Turing Collection saved for the nation
Bletchley Park to house codebreaker's papers
The Turing Collection - the set of offprints of Alan Turing's work collected by his friend Professor Max Newman - has been saved for the nation after the last minute arrival of money from the National Heritage Memorial Fund.
But bids dried up at £240,000 - less than the lot's reserve price.
The National Heritage Memorial Fund has now provided the missing funding. NHMF is paying £213,437 which will be added to £28,500 donated by the public, $100,000 from Google and a "significant sum from a private donor".
Dame Jenny Abramsky, Chair of the NHMF, said: “This is such welcome news. Alan Turing was a true war hero and played an absolutely crucial role during the Second World War... this grant will now ensure that this extremely rare collection of his work stands as a permanent memorial to the man and to all those who paid the ultimate price in service to this nation.”
Saving the collection is particularly welcome since Turing left very few physical traces. Almost all the papers at Bletchley Park were destroyed after the war and Turing kept little himself.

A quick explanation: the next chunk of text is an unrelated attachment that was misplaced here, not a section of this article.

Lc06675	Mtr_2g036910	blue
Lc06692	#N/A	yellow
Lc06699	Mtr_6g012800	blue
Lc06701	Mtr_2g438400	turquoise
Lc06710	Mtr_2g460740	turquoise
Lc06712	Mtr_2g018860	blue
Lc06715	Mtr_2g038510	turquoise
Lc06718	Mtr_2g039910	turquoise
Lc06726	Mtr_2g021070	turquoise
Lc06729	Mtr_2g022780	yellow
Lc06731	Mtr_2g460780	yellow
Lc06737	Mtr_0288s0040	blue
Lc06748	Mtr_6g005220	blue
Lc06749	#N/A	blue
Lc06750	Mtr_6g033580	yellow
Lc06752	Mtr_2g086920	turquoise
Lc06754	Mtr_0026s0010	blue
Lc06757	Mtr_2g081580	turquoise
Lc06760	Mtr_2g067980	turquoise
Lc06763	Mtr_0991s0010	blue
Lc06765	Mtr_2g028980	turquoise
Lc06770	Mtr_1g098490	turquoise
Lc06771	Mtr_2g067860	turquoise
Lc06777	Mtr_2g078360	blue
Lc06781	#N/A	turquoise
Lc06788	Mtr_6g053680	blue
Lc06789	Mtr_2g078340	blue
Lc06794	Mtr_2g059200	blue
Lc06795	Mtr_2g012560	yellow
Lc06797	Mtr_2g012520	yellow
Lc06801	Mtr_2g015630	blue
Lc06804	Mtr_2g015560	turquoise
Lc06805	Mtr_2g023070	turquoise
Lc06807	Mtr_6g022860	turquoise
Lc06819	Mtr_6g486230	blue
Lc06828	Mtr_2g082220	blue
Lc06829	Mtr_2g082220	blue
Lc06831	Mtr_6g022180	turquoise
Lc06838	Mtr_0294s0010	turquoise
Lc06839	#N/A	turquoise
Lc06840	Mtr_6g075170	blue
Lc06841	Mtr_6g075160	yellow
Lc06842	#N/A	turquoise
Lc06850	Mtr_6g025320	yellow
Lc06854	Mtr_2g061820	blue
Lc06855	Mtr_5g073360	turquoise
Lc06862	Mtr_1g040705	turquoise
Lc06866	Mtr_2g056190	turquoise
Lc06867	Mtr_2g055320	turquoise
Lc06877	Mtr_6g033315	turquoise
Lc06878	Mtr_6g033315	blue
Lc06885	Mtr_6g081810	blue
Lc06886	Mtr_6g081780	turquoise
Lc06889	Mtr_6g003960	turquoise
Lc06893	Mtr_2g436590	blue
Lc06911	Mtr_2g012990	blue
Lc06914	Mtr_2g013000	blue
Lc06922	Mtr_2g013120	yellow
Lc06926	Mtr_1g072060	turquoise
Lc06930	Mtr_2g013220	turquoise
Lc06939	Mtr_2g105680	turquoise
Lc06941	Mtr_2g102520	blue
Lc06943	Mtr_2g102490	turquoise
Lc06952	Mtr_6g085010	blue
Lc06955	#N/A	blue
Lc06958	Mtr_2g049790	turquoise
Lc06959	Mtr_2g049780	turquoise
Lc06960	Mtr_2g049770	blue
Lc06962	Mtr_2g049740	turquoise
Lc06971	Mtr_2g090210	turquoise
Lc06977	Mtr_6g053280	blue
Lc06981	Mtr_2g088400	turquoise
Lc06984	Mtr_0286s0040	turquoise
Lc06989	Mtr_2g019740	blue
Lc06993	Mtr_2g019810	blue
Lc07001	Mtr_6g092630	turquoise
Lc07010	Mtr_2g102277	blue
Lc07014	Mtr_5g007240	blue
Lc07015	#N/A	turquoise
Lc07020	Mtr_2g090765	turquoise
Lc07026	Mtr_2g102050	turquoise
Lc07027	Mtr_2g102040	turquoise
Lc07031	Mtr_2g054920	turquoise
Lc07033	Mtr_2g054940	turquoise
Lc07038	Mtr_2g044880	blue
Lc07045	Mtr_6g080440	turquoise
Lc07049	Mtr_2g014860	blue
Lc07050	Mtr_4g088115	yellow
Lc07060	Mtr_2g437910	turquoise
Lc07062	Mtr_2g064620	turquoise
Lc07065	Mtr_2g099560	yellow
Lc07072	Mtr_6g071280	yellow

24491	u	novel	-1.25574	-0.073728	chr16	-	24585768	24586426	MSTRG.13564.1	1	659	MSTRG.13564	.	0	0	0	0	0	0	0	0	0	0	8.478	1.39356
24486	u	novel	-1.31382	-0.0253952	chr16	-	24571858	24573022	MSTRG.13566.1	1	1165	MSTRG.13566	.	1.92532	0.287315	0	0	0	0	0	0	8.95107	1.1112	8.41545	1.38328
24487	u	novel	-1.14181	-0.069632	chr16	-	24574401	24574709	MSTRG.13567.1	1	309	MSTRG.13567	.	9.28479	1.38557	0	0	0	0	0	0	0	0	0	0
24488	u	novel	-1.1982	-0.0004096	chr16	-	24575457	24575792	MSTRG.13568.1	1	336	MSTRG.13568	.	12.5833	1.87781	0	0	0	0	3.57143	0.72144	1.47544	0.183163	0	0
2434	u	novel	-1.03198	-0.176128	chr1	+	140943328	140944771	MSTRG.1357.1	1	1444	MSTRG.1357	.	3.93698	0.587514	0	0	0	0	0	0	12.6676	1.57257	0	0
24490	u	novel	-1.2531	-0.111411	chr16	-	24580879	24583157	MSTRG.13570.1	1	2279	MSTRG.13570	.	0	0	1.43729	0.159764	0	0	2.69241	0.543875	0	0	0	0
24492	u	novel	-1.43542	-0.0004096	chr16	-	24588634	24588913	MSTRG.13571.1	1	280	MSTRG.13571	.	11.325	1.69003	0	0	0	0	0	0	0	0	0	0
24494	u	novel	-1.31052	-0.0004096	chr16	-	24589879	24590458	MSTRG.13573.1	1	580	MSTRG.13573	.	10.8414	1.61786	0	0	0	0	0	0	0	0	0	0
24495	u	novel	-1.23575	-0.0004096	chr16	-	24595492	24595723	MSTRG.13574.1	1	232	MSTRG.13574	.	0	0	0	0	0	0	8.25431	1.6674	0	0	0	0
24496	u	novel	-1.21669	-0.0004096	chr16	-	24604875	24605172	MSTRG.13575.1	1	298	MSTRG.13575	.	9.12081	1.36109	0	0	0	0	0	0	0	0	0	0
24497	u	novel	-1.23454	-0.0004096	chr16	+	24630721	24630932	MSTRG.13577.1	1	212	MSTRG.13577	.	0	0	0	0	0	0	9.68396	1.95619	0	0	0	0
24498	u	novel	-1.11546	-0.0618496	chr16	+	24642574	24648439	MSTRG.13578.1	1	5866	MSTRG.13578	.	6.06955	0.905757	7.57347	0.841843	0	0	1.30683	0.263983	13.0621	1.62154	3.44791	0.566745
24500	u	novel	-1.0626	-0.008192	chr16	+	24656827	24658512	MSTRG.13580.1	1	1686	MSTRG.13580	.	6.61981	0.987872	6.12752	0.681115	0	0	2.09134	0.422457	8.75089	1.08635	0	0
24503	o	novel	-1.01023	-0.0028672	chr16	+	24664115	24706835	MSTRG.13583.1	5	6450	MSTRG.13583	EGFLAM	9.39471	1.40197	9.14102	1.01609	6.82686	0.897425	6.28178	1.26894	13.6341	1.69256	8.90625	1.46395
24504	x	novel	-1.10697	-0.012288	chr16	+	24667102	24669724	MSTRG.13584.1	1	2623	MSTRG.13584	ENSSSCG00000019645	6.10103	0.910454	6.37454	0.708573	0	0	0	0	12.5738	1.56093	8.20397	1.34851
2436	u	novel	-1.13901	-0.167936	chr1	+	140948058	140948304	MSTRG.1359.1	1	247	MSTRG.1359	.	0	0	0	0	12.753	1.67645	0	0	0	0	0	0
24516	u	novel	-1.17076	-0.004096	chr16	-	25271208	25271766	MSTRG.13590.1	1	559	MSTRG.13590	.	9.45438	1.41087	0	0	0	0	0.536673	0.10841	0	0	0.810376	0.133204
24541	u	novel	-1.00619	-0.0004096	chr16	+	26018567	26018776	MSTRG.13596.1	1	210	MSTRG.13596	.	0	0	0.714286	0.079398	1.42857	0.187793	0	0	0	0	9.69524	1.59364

Turing is chiefly famous as the UK's "father of computing". His codebreaking work with colleagues at Bletchley Park, apart from shortening the war by two or more years, laid the foundations of much modern computing.
The rebuilt Turing Bombe used to decrypt Enigma-coded messages.
He was also forced to undergo chemical castration after being convicted of homosexuality in 1952. This cost him his security clearance for his then job at GCHQ.
He is generally believed to have killed himself in 1954 by eating an apple containing cyanide. His mother believed his death was an accident caused by lab chemicals.
In 2009 then prime minister Gordon Brown made a public apology for Britain's "appalling treatment" of Turing. ®